On Wednesday of this week, J.P. Morgan Chase reported it took a $640 million after-tax loss in the third quarter as a result of its purchase of WaMu, which it owned for only three business day before the end of the reporting period on Sept. 30.  Because J.P. Morgan only purchased WaMu's banking assets, it is not required to report the bank's third-quarter earnings.

J.P. Morgan Chase stock dropped $2.22 a share in trading on Wednesday to $38.49; a year ago it closed at $46.27.

WaMu stock has been delisted and now trades in the pink sheets, at about 10 cents a share.  A year ago it closed at $34.27.

A spokesman for J.P. Morgan Chase, Tom Kelly, declined to comment on the Feds investigation.


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U.S. Representative Paul E. Kanjorski Wants AIG To Reimburse Money

10/16/2008 03:29:00 AM

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070905_kanjorski6 Seems the Attorney General of NY isn't the only one who's after AIG these days.  U.S. Rep Paul E. Kanjorksi (D- said AIG executives who spent lavishly on a junket at St. Regis Resort in California should be forced to reimburse the company.

"You've got all of America scared to death, thinking do we have enough money to give to these organizations, should we bail them out?," he said.  "We're trying to build faith. ... And here these clowns go out and do something like this.  It's just unbelievable.  It is appalling to me.  Why aren't they sensitive enough to say, 'Damn, we just took $85 billion of taxpayers money; let's cancel everything that's wasteful at all' and be as stringent until they pay the money back."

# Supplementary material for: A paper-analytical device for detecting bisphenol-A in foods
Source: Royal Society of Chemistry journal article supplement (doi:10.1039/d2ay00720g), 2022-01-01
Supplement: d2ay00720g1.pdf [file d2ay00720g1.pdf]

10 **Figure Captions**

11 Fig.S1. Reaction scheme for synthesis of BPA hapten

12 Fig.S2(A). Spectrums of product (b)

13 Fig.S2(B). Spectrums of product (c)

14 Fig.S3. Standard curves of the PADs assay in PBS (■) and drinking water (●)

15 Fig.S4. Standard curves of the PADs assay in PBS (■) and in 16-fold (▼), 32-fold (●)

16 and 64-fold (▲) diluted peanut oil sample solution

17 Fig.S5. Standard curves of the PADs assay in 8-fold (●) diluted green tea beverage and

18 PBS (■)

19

Kanjorski sent a letter Thursday  (October 6th) to Federal Reserve Board Chairman Ben Bernanke asking him what steps he would take to recover the $443,000 recently spent by AIG executives on spa treatments, golf, ocean-view rooms and surfing lessons at the St. Regis Monarch Beach Resort.  Kanjorski called the junket "appalling."

In the letter Kanjorski states:

"The Federal Reserve must therefore take immediate action to reclaim every penny spent by AIG at the St. Regis Monarch Beach Resort.

"To think that AIG could turn to the Federal government in a "desperate need" for funds to continue its very existence and then turn around a few short days later and spend $443,343.71 on spa treatments, golf rounds, ocean view rooms, and surfing lessons is simply appalling.  It defies logic, and it demonstrates a lack of common sense.